So on “I’m Sorry,” she doesn’t just work to set a tone for the crew, but hires everyone personally with a strict “no assholes” policy. “We work long hours, and people aren’t buying vacation homes off this show,” she said. “I want to make sure they feel listened to, and proud of their work there.”
West has also seen the bad side of things. “The ego gets in the way and it can totally demolish a project,” she said. “It’s easy to think that the star of a TV show, the face that you’re seeing, is the show. And, it’s so not true, and if you are leaning on that one person the whole thing’s gonna fall apart.”
That’s just what happened with Roseanne Barr’s infamous Tweet from last May, which led to the immediate cancelation of “Roseanne” and several weeks of limbo for the rest of the cast and crew, who were then out of work.
The reasons for ABC bringing back the show as “The Conners,” a Barr-less spinoff starring John Goodman and Laurie Metcalfe, are many. ABC Entertainment president Channing Dungey told IndieWire’s Mike Schneider this summer that “there were a lot of stories to be told in that family.”
She also noted that “I was also happy to put the crew back to work, and we were able to bring back the majority of people who were involved with ‘Roseanne’ and so the idea that those people who were adversely impacted by the decision to cancel, the idea that they were able to go back to work is a good thing.”
Another show with high-profile turnover at the top this year was “House of Cards”: Production on the Netflix drama’s final season was shut down in October 2017 following allegations of sexual misconduct against Kevin Spacey, resuming in January 2018 for a shortened episode order.
Michael Kelly, who plays Doug Stamper on the series, told IndieWire that when it was revealed that the show would return with Robin Wright assuming the lead, “I knew going in we were going in for something special. To see her actually take charge and lead all of us, she was very much a part of us being able to finish it at all. She really took the lead on all of that.”
Kelly said that because of the rushed nature of the season — which was completely reworked during the hiatus — “we didn’t have time” to really discuss Spacey’s departure. “There wasn’t the typical downtime that we had in previous seasons,” he said. “The first day that we got back to work everyone was like, ‘Oh, what was the environment like?’ But we were all so focused on finishing this show, and she was driving the bus.”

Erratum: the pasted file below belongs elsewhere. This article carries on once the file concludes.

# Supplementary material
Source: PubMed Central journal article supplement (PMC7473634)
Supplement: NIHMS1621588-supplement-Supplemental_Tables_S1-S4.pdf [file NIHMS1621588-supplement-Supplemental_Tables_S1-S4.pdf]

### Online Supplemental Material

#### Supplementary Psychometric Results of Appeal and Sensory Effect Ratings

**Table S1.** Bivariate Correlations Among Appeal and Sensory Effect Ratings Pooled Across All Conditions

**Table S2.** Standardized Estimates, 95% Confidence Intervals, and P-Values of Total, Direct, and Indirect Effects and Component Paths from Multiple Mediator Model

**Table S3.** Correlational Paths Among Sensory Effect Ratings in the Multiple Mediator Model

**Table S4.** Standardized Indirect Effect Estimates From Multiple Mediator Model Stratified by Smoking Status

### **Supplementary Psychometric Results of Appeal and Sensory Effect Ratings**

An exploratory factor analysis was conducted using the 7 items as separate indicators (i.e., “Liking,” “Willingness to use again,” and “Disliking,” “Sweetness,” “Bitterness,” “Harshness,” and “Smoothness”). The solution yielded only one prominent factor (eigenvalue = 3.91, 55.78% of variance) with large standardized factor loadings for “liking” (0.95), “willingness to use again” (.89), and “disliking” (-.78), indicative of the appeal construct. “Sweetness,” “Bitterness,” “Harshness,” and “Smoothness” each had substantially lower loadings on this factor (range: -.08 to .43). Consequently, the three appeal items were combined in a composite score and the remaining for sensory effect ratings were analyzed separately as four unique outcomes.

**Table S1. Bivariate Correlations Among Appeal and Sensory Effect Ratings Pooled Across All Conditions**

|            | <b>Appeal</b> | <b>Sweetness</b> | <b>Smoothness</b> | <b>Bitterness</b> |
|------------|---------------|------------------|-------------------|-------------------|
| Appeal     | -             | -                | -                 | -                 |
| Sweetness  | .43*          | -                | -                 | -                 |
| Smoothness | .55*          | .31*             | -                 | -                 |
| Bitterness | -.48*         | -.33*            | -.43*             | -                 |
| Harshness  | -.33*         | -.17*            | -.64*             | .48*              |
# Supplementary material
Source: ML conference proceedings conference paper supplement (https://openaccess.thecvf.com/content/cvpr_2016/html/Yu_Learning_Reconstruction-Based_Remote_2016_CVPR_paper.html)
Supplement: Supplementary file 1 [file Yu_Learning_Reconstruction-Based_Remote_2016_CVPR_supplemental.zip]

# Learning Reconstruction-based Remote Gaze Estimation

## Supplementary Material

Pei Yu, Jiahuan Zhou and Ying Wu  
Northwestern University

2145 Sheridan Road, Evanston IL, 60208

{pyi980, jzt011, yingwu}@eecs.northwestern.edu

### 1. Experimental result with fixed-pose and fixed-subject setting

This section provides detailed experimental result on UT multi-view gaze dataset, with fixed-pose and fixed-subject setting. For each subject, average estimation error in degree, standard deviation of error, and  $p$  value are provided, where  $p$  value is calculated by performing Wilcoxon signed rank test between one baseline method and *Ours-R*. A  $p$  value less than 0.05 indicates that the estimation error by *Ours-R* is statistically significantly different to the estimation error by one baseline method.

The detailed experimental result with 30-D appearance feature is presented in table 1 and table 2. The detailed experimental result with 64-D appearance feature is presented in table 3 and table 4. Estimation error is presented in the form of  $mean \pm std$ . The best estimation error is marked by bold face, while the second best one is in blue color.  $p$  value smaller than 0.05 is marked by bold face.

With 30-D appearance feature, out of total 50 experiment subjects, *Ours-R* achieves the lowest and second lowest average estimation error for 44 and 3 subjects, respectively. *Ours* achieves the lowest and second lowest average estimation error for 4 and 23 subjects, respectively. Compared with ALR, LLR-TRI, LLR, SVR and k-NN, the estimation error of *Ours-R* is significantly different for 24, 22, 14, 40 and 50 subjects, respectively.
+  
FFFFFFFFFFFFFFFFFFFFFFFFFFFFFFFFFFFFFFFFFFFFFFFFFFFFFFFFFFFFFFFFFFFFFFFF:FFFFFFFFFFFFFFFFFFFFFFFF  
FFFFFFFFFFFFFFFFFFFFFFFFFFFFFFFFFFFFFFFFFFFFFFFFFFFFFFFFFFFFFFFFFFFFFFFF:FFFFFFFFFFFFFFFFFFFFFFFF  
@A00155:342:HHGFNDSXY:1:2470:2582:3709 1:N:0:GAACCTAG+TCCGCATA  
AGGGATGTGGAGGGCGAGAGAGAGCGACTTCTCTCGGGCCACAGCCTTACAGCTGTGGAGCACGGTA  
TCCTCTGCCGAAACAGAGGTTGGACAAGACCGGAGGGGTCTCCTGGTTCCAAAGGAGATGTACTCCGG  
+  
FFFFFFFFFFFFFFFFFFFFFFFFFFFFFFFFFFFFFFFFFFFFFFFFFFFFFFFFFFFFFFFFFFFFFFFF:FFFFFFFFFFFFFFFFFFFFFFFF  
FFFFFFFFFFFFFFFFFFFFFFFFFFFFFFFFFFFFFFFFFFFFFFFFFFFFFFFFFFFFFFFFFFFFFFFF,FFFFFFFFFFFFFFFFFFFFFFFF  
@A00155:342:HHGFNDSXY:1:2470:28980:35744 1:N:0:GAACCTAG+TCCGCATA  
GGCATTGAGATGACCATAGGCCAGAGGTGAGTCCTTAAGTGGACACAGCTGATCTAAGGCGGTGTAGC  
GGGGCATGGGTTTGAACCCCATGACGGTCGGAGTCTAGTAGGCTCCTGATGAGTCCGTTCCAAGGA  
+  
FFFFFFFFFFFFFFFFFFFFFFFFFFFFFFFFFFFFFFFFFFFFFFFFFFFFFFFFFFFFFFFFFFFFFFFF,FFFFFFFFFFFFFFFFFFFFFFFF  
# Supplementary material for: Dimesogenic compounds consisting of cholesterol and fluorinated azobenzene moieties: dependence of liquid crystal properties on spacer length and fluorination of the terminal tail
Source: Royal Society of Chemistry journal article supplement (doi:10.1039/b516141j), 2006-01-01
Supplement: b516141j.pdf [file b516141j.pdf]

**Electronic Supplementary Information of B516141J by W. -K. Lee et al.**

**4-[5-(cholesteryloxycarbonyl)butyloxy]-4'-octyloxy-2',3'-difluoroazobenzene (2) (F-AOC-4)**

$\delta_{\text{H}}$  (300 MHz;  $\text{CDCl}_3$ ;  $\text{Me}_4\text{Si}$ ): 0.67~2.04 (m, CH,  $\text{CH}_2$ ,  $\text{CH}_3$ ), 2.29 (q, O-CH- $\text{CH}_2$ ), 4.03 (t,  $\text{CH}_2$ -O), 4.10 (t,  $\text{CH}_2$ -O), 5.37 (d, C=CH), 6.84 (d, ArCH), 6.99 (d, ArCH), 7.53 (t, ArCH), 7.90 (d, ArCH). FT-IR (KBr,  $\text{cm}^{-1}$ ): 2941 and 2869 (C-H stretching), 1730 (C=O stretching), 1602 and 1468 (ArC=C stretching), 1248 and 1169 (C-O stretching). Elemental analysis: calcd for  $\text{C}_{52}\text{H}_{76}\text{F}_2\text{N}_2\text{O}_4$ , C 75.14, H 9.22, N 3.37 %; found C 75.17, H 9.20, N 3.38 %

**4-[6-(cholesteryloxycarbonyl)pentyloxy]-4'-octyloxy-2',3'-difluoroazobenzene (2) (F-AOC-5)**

Losing a star doesn’t necessarily need to be dire straits for a series, but personality plays a major role in what the impact will be: “The Walking Dead,” following the exit of Andrew Lincoln, now finds itself as much more of an ensemble for rest of Season 9: Norman Reedus claimed at Comic-Con that there was no one leader for the series, with co-stars Danai Gurira and Melissa McBride taking on increased leadership roles.
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But while there may be no official leader on set, Lincoln’s nine years on the series has had a lasting impact on the remaining cast and crew. Gurira said, “Andy left an amazing example. He really is a quintessential leader… What he built on his back over nine years was a family, and there’s a way that we know how to love each other, respect each other, and do what we do with joy and enthusiasm because of what he brought.”
McBride noted that the cast still echoes some of Lincoln’s pre-shooting traditions. “We’re all going ‘Rrroar!’ before a scene. ‘Hu-yaah!'” she laughed.
Added McBride, “The way that he presented himself every day — he was there early. Nobody else is there that early. Nobody on the cast, I mean. He was there hours before his call time. He was just such a good example of professionalism and passion for what he does.”
“I think that he really allowed us to understand how to move forward. And that’s what a great leader does,” Gurira added.